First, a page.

Furthermore, women’s domestic labour actually facilitated and serviced the participation of their husbands. These women’s experiences of sport were constructed by the gendered relationship to paid work and domestic labour, and ideologies of wifehood and motherhood, which privileged the sport of men and children while women’s remained invisible.
Nancy Theberge’s (1999) analysis of women’s ice hockey in Canada challenges the notion that women’s version of such masculinised sport is somehow different because women are involved, or that women have different
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expectations of sport. She cited “strong evidence of the enjoyment and sense of accomplishment that women hockey players (and all athletes) derive from the physicality of sport” (1999: .155). Theberge focused on images through sport of women’s strength, power and aggression, and engages with the debate about whether women should ‘buy into’ male models of sport including those that are inherently violent. Through a discussion about the prohibition of body-checking in women’s hockey, she raises issues about what are considered ‘real’ versions of sport, and how women’s can be construed as alternative and inferior.
In 1993, Alison Dewar reminded us that, what had to date been universalised as ‘women’s sporting experiences’, were more precisely the experience of white, middle-class, heterosexual, non-disabled women (Dewar, 1993). As feminist researchers, this was a call for us to be explicit about whose experiences we were representing and to recognise that generalisations could not be readily made to other women. Also, we needed to listen to women with backgrounds other than our own and make space for their experiences to be heard. Birrell (1989) had earlier drawn attention to the absence of writing in the sociology of sport by women of colour. These calls highlighted the issue of ‘identity politics’ within feminist scholarship, “the belief that the most radical politics comes directly out of our own identity (as a woman of colour, as a lesbian, as a woman with disabilities, as an old woman)” (Hall, 1996:44). This required re-theorising relations among women, to understand how the oppression of women who did not'identify with the dominant group is qualitatively different because of the layering of other ‘isms’, such as racism, heterosexism, able-bodyism and ageism.
Studies conducted from the standpoint of other marginal identities are emerging in the sociology of sport. Arguably, the largest volume is that concerning lesbian identities, such as Biigit Palzkill’s (1990) accounts of women athletes in Germany, Gill Clarke’s (1997) record of the experiences of lesbian physicaLeducation teachers in Britain, and Caroline Fusco’s (1998) interviews with lesbian team-sport players in North America. Some are informed by ‘queer theory’, such as Eng (1997). All document the impact of heterosexism and homophobia in sport and physical education, and its impact of silencing lesbians and discrediting their achievements, such as has also been addressed by Griffin (1998) and Lenskyj (1991).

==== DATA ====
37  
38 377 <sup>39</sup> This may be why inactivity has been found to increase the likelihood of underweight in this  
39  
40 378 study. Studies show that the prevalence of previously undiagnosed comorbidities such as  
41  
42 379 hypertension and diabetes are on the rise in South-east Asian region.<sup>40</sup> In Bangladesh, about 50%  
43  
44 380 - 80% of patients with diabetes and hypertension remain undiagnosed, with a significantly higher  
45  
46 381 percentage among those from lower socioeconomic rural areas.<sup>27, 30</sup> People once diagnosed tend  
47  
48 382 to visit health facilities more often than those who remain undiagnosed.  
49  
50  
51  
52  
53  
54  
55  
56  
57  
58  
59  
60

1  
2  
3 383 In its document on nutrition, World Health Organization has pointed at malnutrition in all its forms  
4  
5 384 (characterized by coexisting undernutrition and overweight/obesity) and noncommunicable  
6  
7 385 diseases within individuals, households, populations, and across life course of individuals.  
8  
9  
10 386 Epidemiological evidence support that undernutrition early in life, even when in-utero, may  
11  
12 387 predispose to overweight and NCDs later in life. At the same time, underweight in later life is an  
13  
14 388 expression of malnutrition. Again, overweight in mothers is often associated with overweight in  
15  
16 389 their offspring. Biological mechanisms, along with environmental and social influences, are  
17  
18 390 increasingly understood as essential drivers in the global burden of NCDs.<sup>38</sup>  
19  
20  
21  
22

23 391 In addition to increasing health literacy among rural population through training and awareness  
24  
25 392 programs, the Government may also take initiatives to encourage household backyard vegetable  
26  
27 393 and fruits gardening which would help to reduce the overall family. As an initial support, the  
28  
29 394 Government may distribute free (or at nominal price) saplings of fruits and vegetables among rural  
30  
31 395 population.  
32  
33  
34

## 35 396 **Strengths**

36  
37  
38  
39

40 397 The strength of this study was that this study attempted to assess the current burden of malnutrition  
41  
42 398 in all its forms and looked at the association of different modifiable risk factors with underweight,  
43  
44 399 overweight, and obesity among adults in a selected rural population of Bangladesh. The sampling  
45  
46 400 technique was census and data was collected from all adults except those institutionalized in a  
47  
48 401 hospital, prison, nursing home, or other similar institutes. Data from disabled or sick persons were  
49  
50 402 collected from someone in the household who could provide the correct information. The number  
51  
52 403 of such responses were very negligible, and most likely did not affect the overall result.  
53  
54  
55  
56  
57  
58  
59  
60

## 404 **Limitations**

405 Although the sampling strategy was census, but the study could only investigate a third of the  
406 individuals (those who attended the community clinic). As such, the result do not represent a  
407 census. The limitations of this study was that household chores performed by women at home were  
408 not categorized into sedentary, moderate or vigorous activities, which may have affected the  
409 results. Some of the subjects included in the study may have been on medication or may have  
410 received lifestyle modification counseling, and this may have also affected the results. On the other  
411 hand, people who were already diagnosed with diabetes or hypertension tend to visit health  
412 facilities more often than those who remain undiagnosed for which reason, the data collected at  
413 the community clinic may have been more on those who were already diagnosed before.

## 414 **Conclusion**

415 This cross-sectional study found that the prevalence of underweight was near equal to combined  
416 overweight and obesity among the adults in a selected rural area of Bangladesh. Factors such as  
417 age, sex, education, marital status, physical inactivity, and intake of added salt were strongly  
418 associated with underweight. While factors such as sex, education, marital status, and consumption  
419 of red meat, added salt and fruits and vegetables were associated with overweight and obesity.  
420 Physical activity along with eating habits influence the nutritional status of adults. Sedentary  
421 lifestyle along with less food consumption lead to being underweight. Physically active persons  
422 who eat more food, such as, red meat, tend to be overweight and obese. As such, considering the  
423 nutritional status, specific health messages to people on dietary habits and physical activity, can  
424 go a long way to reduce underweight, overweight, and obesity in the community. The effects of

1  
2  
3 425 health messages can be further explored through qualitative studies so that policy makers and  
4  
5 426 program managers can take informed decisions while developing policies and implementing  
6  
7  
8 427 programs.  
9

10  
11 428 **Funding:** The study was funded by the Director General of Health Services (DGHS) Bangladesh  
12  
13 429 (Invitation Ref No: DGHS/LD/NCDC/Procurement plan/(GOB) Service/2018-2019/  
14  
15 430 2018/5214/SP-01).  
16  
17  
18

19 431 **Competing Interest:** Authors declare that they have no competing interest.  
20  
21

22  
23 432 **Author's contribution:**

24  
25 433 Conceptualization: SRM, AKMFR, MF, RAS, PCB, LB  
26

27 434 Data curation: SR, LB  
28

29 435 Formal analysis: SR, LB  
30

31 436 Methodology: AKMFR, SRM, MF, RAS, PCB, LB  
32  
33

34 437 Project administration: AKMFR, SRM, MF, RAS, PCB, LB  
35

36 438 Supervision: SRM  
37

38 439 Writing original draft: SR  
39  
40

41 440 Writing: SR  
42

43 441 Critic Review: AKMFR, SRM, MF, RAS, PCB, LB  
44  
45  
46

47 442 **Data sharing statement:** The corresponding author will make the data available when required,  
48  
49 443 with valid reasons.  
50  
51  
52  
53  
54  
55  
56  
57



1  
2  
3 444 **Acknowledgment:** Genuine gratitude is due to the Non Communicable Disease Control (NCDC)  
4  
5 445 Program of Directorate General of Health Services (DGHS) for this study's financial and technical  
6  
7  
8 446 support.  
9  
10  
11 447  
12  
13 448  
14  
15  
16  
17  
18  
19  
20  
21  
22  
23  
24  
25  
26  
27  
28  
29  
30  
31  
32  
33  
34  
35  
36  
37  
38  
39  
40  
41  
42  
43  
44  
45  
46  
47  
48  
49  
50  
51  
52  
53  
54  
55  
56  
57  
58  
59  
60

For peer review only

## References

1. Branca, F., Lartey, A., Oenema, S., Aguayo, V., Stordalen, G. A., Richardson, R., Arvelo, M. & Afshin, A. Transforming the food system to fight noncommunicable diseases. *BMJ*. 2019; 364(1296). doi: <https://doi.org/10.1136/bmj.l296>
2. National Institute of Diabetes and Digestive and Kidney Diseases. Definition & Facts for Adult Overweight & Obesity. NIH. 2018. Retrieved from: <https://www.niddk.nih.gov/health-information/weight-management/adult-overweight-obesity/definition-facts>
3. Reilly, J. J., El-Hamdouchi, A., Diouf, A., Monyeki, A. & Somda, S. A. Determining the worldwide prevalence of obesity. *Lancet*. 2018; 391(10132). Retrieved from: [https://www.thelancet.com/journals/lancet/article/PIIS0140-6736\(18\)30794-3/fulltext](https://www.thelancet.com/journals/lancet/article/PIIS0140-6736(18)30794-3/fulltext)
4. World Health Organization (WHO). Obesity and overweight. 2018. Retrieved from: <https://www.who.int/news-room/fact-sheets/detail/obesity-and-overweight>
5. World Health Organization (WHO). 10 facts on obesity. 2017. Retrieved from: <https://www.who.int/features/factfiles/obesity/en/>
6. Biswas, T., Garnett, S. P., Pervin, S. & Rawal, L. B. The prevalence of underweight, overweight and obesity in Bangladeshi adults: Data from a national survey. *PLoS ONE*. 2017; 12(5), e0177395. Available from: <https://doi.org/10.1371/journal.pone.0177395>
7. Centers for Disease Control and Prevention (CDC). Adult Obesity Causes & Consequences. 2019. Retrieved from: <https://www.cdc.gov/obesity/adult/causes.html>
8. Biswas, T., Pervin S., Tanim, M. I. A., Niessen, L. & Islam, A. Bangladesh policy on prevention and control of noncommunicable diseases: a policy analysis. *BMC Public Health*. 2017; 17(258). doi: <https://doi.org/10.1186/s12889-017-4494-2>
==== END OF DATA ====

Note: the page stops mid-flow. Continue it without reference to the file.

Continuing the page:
There are fewer published reports of the experiences of sport written by women of colour. Recently, Deslea Wrathall in New Zealand, speaking for Maori .women^ reported on the institutionalised racism in sports organisations which, arnong other oppressive practices, failed to recognise the importance to Maori sportswomen of their whanau (extended family), who are ignored in the
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everyday decisions made about the experiences of Maori women as elite sport performers (Thompson, Rewi & Wrathall, 2000). Jennifer Hargreaves (1994) argues that the British sports system (from which New Zealand’s is derived) reflects traditions based in ‘w hite’ culture, and values that include the celebration of individualism and ‘free will’, which are “inappropriate for a modern multi-racial society”. She explains that this “is why the discourse of racism in women’s sport has to a large extent been repressed” (Hargreaves, 1994: 260), highlighting research done in the UK about the experiences of Afro Caribbean women and those in British Asian communities (Carrington, Chivers & Williams, 1987; Lovell, 1991). The intersecting relationship between racial identity and gender relations, framed by colonial relations of power, is also explored by Victoria Paraschak (1999) in reference to Canada’s First Nation’s women.
Exam ining women with disabilities, Jennifer Hoyle recognised the contribution of fem inist theory when she commented, “feminist theory' complements disability research in terms of the advances it has made in bringing the voices of oppressed grolips to the fore” (Hoyle & White, 1999; 255). She challenges the notion that women with disabilities view their experiences in only negative terms, highlighting how their strengths as women with disabilities also become part of their realities. They challenge the norms of sporting experiences for the way “the boundaries between the disabled and the non-disabled are left undisturbed” (1999: 265), being well aware of the need to constitute themselves in a world that values health and beauty from a non-disabled orientation.
As Hargreaves concludes, “the idea that women in sport are a homogeneous group has been resisted” (1994: 288), just as the myth of women’s consensual, shared experience of sport must also be challenged. Feminist concerns for women’s standpoint and identity politics have highlighted how “such factors as age, disability, class, ethnicity and sexuality make women different from one another”, irrespective of their variable and complex relationships with men (Hargreaves, 1994; 288). Fully recognising and giving voice to such differences' remains our challenge.
Sport, Patriarchy and Male Power
A basic assumption of feminist theory is the view that society is patriarchal, in that every avenue of power is male controlled (Millet, 1970) and we live by an ideology of male superiority (Hartman, 1981). In this context, sport is viewed not simply as yet another patriarchal structure, but also one in which patriarchy is symbolised and reconstructed. Feminist-inspired sociology of sport has recognised the power that men hold in and through sport, and how this power is
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both real and symbolic. Men dominate and control sport structures, and sporting ideologies carry messages that connect masculinity, power and superiority.
Aside from the more obvious, international, patriarchal sports organisations, like the IOC, FIFA, and FINA, research from various parts of the world has shown the persistent male control of sport, and the immense obstacles with respect to change (Cameron, 1996; Fasting & Sisjord, 1986; Hall e t a i , 1989